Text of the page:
Why McDonald's Hamburgers Don't Rot

Are McDonald’s* hamburgers immune to natural processes like rotting? There’s some evidence that they are, but a truly scientific inquiry into the matter has been lacking – until now. J. Kenji Lopez-Alt of Serious Eats tested nine different hamburgers of varying sizes (both homemade and from McDonald’s) to find out. Contrary to popular belief, the non-rotting phenomenon isn’t due to the mysterious chemical composition of the burgers. “[T]he burger doesn’t rot because its small size and relatively large surface area help it to lose moisture very fast,” writes Lopez-Alt. “Without moisture, there’s no mold or bacterial growth. Of course, that the meat is pretty much sterile to begin with due to the high cooking temperature helps things along as well. It’s not really surprising. Humans have known about this phenomenon for thousands of years. After all, how do you think beef jerky is made?” (HT: Chris Blattman) *Interestingly, the McDonald’s website doesn’t use the word “McDonald’s” at all except in its copyright tag; the golden M does all the work. [%comments]


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  1. David Chowes, New York City says:

    The burgers I make at home are about 6 oz. McBurgers are 1 oz. each. Ergo, the McSmall version (I believe) has 1/6 the capacity to rot.

    As far as the BigMac goes — well, I can’t comment without a
    scrupulous scientific study.

    Generally when burgers are very much cooked… The limit is burnt ash — which, of course is just carbon and that does not have the posibility of rotting. My home made burgers are as rare as they can be — close to raw. A far more potential rotten conundrum.

    The McArch logo does impress me — other companies would die for such branding recognition.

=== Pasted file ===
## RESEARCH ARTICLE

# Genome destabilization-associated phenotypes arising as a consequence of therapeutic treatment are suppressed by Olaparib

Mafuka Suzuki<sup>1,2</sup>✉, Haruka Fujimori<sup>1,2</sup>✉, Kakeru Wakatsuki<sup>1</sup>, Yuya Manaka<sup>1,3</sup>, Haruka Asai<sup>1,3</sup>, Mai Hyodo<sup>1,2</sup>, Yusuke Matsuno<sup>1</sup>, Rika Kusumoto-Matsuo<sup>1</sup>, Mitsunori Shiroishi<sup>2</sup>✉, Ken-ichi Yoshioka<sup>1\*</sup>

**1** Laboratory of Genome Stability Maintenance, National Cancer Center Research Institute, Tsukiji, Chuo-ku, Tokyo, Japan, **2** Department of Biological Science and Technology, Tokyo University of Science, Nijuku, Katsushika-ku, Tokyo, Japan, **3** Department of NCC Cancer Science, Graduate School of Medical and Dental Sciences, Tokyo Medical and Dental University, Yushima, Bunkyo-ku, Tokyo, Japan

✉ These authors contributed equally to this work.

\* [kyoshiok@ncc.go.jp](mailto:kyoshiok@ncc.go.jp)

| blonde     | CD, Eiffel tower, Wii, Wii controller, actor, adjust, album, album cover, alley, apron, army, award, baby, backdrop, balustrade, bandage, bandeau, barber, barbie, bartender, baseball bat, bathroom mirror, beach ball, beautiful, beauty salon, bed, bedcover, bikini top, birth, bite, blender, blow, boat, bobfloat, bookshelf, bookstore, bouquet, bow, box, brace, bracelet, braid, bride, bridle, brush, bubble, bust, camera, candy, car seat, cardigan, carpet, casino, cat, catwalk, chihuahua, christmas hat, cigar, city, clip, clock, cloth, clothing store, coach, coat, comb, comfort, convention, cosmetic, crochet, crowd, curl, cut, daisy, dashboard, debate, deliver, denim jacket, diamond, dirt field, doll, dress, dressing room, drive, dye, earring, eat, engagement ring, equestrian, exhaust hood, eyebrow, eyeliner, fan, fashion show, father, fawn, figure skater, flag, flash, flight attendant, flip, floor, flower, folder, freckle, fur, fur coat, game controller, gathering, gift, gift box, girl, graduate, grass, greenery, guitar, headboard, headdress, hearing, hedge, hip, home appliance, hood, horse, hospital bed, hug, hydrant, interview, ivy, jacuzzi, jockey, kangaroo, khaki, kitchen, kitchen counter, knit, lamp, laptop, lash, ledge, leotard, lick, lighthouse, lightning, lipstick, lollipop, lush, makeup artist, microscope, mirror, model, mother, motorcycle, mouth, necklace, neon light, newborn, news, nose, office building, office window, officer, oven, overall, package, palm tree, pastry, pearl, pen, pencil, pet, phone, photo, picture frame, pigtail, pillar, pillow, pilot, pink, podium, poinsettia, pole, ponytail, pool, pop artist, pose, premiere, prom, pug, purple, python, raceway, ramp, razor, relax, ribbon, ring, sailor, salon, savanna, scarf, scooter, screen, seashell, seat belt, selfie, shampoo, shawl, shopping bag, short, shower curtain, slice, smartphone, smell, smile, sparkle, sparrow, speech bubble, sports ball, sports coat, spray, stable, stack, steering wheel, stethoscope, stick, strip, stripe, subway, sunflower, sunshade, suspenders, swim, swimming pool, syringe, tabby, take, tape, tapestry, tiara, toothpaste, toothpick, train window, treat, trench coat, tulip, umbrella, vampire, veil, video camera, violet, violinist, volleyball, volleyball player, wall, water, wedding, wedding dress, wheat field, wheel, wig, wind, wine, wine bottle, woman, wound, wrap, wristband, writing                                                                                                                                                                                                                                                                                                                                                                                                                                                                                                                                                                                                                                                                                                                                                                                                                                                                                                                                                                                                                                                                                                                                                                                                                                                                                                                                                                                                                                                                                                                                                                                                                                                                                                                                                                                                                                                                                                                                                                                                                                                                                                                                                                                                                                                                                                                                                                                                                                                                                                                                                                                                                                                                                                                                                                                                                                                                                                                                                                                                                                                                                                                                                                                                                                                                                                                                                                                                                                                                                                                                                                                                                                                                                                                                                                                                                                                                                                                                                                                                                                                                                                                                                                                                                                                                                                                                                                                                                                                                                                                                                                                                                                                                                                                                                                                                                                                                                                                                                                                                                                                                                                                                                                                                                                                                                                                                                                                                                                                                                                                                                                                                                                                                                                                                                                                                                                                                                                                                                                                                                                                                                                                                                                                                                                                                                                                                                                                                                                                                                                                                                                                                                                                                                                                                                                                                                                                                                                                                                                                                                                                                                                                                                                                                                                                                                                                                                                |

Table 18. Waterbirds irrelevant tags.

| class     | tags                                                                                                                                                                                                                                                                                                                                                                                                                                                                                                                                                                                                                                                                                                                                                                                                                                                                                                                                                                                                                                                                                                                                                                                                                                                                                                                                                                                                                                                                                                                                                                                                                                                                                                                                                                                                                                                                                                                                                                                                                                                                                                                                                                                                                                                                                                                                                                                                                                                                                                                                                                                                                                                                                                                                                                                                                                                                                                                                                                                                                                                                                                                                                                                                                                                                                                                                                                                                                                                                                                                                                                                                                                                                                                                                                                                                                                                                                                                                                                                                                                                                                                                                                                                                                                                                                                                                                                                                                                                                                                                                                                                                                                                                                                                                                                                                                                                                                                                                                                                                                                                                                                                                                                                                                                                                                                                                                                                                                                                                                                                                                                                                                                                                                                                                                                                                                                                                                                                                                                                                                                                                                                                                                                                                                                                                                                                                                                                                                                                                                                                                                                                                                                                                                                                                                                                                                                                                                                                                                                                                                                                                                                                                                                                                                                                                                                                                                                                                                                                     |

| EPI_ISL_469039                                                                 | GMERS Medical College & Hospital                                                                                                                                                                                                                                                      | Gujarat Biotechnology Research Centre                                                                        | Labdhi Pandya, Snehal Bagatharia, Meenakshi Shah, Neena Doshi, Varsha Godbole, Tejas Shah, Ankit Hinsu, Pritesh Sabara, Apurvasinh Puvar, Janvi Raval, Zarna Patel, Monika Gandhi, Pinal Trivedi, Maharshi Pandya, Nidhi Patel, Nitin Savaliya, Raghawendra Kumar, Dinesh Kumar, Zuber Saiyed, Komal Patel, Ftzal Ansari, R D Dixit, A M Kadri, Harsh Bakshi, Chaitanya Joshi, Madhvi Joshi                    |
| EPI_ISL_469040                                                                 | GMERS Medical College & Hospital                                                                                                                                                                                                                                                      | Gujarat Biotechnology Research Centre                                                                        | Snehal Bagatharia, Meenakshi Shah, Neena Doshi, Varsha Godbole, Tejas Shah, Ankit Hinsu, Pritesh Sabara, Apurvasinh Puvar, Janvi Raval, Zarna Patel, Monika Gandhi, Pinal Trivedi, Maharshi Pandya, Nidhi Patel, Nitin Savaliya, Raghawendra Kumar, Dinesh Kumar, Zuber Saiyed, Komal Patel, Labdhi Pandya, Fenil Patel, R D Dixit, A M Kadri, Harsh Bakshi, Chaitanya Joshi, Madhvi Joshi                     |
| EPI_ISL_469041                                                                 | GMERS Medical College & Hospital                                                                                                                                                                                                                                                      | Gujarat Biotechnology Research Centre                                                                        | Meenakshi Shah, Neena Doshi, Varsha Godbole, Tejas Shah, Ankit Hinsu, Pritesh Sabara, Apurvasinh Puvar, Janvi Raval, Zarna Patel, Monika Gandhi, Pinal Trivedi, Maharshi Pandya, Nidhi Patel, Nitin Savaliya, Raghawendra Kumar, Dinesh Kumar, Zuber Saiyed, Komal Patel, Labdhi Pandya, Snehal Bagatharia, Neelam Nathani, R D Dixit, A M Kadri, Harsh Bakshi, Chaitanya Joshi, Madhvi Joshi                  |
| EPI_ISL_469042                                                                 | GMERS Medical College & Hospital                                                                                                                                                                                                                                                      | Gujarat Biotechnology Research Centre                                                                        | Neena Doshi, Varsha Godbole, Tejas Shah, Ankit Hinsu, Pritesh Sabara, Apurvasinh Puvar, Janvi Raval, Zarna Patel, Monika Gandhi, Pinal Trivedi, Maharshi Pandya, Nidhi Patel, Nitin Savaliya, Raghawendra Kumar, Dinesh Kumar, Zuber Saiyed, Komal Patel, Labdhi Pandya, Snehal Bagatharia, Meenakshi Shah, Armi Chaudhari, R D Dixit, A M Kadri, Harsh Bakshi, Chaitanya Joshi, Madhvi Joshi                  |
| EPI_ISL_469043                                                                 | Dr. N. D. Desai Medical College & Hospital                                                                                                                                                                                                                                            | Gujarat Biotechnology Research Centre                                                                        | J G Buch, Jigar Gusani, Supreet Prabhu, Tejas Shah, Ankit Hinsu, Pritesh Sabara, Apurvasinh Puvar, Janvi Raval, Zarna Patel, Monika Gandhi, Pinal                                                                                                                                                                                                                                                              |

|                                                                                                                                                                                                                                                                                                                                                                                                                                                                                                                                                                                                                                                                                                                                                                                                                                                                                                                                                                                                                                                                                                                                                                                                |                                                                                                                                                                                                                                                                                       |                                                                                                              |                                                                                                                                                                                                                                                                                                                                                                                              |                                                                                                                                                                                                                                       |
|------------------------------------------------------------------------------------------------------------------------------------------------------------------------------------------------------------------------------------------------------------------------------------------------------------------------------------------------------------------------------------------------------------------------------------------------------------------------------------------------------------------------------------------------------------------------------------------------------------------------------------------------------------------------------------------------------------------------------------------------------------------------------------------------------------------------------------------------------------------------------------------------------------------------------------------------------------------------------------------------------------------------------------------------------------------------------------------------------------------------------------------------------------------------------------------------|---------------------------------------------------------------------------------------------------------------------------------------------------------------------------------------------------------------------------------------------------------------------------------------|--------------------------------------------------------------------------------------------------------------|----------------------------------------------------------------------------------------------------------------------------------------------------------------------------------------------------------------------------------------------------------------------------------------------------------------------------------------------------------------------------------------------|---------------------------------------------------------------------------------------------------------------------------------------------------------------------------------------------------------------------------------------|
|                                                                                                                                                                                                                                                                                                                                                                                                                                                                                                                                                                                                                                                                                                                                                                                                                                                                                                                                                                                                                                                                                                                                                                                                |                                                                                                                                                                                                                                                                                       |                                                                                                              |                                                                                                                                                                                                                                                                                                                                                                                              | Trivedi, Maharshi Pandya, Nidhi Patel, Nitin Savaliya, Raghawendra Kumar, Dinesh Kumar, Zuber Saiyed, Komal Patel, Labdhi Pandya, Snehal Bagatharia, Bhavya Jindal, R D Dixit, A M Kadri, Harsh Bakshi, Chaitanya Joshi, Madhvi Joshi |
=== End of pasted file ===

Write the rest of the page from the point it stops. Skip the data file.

Now that we’ve setteled this important issue… On to nuclear proliferation, global warming, world peace…

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  2. Drill-Baby-Drill Drill Team says:

    A science teacher in Maine has a 12 year old unwrapped Hostess Twinkie that is not growing mold, spoiling or rotting. The Twinkie will graduate high school in a few years and pretty soon head to college.

    Preservatives may preserve food, and maybe even your body.

    Eat more Twinkies, it is the secret of eternal youth!

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  3. Arvin Bautista says:

    I’m all for companies being transparent and all, but I always thought it was kinda silly that McDonald’s would respond immediately to the first accusations, especially by saying “our burgers do TOO rot!” It seemed so childish and defensive.

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  4. Clancy says:

    What about the bun? Any bun or roll I’ve had at home becomes mold city after a week or two unless its in the freezer. What fungicides are in that bun?

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  5. Mike K. says:

    Anti-McDonald’s campaigners always use the hamburger for this stunt. Because a quarter-pounder, being larger and slower to dry out, would show some rot.

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  6. Rosewood says:

    I was on vacation when the results were published and missed it. Thanks! Kenji writes amazing articles.

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  7. Eric M. Jones says:

    Upon the urgings of a whining 5-year old, I just had lunch at McD’s. I had the Caesar salad with grilled chicken.

    Really, really good.

    And the 5-year old liked the Happy Meal.

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  8. Mantonat says:

    A banana fell behind my refrigerator and was there for what I am guessing was 12-14 months before I found it when doing move-out cleaning. The banana had shrunk considerably and was hard as a tree branch, but showed no signs of rot or mold. Food sometimes just dries out before it can do either, especially in low-humidity climates.

    It’s very trendy these days to demonize McDonald’s, but take a look in your fridge. How old is that ketchup, mayo, or soy sauce? How old is the stuff in your pantry (shortening, flour, pancake syrup)? People get used to the idea of buying packaged food at the grocery store with the expectation that they can still eat it a year or two later, but criticize companies for using preservatives. At least nobody was claiming that those year-old hamburgers were still edible.

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